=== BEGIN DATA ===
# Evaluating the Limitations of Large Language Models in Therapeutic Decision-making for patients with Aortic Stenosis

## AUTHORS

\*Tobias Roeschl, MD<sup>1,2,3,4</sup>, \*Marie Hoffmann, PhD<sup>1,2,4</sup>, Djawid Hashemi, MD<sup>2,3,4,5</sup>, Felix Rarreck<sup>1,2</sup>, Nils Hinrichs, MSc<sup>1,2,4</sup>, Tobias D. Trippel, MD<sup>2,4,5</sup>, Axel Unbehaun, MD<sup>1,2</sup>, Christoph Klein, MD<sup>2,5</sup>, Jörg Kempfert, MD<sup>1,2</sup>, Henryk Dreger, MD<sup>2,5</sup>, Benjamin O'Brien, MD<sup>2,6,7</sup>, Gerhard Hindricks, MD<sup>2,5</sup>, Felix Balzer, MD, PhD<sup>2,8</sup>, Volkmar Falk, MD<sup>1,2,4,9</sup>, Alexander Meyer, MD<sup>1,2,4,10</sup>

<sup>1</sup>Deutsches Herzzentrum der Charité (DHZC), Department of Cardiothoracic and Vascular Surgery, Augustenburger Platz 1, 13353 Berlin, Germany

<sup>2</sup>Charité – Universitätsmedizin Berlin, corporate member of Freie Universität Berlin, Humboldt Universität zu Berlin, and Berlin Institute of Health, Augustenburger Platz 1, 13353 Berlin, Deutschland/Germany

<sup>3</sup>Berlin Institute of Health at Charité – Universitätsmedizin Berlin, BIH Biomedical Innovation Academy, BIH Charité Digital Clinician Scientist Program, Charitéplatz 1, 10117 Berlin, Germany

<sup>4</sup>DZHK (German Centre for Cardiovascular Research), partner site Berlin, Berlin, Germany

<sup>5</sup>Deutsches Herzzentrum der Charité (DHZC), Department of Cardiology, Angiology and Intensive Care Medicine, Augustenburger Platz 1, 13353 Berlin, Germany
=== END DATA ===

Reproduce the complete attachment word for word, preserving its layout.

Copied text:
# Evaluating the Limitations of Large Language Models in Therapeutic Decision-making for patients with Aortic Stenosis

## AUTHORS

\*Tobias Roeschl, MD<sup>1,2,3,4</sup>, \*Marie Hoffmann, PhD<sup>1,2,4</sup>, Djawid Hashemi, MD<sup>2,3,4,5</sup>, Felix Rarreck<sup>1,2</sup>, Nils Hinrichs, MSc<sup>1,2,4</sup>, Tobias D. Trippel, MD<sup>2,4,5</sup>, Axel Unbehaun, MD<sup>1,2</sup>, Christoph Klein, MD<sup>2,5</sup>, Jörg Kempfert, MD<sup>1,2</sup>, Henryk Dreger, MD<sup>2,5</sup>, Benjamin O'Brien, MD<sup>2,6,7</sup>, Gerhard Hindricks, MD<sup>2,5</sup>, Felix Balzer, MD, PhD<sup>2,8</sup>, Volkmar Falk, MD<sup>1,2,4,9</sup>, Alexander Meyer, MD<sup>1,2,4,10</sup>

<sup>1</sup>Deutsches Herzzentrum der Charité (DHZC), Department of Cardiothoracic and Vascular Surgery, Augustenburger Platz 1, 13353 Berlin, Germany

<sup>2</sup>Charité – Universitätsmedizin Berlin, corporate member of Freie Universität Berlin, Humboldt Universität zu Berlin, and Berlin Institute of Health, Augustenburger Platz 1, 13353 Berlin, Deutschland/Germany

<sup>3</sup>Berlin Institute of Health at Charité – Universitätsmedizin Berlin, BIH Biomedical Innovation Academy, BIH Charité Digital Clinician Scientist Program, Charitéplatz 1, 10117 Berlin, Germany

<sup>4</sup>DZHK (German Centre for Cardiovascular Research), partner site Berlin, Berlin, Germany

<sup>5</sup>Deutsches Herzzentrum der Charité (DHZC), Department of Cardiology, Angiology and Intensive Care Medicine, Augustenburger Platz 1, 13353 Berlin, Germany